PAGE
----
The first 5 or so miles of the trail went fairly smoothly.  There were a few stops due to loose EasyBoots and a rock in a shoe, but other than that, no problem.  Then Hov and Gini, leading us, stop and call me forward.  “We forgot the valve for the stove.  We won’t be able to cook without it.  Do you think you can ride back and get it?” they ask me.  I ponder a second and respond with, “If I had a different horse, yes, but I don’t trust Will to go and come in a safe manner.”  His two pasture mates would remain while he would have to leave, he was already being a bit of a handful because of his manners issues, and frankly, I didn’t know the trails well enough to trust myself to guide said-green/cranky horse back to the group.  Oh, and Will can be pretty damn lazy (I rode with blunt spurs to try to conquer this).

Gini and Hov pausing to check the balance of the mules' loads

So, instead, Gini volunteered to go back.  Her borrowed horse, a 17hh TWH, wasn’t with any horses he knew and could move out really well.  She turned and headed back, and I took over pulling her mule.

A short time after she’d left, we reached the drop point for some of our gear.  The logistics behind what needed dropped where and who needed to double and triple back and around on the trails in order to abide by Park standards was outrageous.  I’m pretty sure I never again want to do a ride of this caliber in a Nat’l Park setting.  Eee gads!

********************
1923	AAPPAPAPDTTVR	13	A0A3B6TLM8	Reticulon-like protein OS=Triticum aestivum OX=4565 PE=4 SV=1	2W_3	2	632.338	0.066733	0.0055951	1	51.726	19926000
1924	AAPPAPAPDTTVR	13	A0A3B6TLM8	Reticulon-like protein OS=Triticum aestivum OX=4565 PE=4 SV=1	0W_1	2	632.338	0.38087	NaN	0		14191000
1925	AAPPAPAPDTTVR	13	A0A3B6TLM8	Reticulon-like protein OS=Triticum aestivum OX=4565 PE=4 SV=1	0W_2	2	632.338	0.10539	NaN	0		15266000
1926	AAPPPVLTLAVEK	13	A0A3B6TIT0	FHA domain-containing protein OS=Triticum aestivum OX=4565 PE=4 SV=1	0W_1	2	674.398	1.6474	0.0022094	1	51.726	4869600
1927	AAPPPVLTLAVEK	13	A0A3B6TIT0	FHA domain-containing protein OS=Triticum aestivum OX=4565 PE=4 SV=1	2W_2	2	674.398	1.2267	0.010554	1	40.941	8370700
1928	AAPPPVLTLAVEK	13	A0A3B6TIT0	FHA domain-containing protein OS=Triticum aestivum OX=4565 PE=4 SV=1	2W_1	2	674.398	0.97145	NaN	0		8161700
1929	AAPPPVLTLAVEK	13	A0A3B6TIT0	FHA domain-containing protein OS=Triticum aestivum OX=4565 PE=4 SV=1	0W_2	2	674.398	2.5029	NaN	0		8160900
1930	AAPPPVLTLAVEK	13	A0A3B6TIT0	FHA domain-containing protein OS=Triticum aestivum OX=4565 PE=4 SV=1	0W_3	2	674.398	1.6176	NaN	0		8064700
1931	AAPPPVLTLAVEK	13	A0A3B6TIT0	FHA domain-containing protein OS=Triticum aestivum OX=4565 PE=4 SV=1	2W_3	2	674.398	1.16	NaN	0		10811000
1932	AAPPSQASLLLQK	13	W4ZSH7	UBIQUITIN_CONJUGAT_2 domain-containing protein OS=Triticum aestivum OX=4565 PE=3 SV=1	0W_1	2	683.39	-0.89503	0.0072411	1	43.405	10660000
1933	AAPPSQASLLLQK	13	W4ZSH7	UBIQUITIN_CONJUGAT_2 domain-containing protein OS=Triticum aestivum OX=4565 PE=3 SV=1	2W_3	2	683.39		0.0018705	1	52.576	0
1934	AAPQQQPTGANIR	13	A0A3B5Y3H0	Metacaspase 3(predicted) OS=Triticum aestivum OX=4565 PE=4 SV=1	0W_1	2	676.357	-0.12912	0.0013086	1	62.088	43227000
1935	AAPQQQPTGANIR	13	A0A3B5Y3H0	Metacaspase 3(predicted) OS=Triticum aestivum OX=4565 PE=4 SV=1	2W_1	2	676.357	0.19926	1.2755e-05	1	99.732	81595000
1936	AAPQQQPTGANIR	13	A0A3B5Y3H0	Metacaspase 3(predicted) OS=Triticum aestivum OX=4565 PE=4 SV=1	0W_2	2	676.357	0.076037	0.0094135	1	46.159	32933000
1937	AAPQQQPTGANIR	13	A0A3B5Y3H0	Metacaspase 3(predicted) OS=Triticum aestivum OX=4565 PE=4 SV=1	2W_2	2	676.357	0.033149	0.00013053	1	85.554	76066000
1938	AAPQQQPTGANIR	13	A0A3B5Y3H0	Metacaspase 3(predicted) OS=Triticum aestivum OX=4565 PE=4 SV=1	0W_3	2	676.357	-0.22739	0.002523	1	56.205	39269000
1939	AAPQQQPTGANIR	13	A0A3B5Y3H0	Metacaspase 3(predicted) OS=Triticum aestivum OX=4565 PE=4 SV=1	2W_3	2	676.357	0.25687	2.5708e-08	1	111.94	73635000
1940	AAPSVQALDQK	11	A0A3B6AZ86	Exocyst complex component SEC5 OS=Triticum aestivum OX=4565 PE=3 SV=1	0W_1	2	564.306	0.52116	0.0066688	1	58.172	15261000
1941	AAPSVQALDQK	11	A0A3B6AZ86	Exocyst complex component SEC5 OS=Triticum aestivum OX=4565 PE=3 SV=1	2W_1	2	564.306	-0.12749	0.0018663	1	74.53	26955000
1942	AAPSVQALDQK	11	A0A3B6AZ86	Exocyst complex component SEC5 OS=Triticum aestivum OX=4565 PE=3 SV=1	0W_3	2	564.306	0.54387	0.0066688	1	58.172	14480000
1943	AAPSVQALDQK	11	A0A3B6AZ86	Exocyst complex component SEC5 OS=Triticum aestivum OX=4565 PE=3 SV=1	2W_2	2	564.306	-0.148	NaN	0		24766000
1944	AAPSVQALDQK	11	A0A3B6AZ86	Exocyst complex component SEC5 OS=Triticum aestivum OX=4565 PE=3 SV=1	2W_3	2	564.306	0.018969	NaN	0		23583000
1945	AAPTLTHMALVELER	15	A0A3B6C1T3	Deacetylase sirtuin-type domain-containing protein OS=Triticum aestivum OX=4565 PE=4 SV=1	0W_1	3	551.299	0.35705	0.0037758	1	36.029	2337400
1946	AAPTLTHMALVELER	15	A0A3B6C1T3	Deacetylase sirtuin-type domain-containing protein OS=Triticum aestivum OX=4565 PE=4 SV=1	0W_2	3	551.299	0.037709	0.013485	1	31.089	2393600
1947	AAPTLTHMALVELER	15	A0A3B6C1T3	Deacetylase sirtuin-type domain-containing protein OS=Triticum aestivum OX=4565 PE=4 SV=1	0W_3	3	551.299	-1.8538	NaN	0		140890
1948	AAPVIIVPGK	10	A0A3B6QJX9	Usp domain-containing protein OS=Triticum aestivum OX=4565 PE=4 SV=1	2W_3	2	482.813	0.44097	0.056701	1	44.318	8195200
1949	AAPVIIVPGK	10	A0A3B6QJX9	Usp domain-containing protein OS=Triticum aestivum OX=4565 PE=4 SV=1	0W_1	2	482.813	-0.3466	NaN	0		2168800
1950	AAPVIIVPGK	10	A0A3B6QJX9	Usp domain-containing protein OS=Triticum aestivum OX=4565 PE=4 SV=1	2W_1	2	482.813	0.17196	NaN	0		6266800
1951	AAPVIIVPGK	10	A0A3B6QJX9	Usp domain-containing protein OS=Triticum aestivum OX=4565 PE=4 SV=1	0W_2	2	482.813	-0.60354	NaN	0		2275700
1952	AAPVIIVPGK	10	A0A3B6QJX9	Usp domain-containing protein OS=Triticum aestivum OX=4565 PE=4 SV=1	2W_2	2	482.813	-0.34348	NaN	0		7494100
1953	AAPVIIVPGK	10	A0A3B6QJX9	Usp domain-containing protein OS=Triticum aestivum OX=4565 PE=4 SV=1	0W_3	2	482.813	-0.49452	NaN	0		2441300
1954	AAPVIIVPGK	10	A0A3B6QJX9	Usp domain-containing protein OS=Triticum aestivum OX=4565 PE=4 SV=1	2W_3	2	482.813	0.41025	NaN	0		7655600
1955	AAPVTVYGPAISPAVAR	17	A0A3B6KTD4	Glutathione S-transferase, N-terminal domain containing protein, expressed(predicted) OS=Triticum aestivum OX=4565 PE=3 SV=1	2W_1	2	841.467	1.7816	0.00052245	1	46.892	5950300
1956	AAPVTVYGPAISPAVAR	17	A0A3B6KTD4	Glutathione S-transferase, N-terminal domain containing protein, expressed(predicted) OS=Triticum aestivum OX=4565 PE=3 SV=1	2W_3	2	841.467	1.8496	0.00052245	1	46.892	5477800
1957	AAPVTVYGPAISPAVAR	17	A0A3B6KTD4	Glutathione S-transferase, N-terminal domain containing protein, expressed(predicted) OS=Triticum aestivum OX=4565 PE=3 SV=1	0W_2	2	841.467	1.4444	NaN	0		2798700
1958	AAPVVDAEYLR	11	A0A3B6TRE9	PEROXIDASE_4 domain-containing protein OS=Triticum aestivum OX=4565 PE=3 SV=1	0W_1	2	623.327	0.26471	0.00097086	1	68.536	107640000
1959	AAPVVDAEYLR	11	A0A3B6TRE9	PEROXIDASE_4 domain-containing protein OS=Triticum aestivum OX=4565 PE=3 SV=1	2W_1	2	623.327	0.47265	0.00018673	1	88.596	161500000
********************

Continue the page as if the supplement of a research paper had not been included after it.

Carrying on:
We grabbed lunch after we dropped a couple loads and then headed onward – I was now in the lead.  Will Black was a happier lead horse for his two pasture mates (ridden and pulled by Hov) and they were happier following him. 

Not long after we left the drop point, we encountered a downed log (which I later came to find out that Wag and Melinda had to wrangle to get to the point that it could be stepped over).  It was at a 45⁰ angle with the lowest part slightly off the trail.  By this point the trail had become a single track.  The whole time to this point we’d been following alongside Big Creek and the trail would alternate from being right beside the creek to being many feet above it with steep, steep drop offs to one side down to the creek.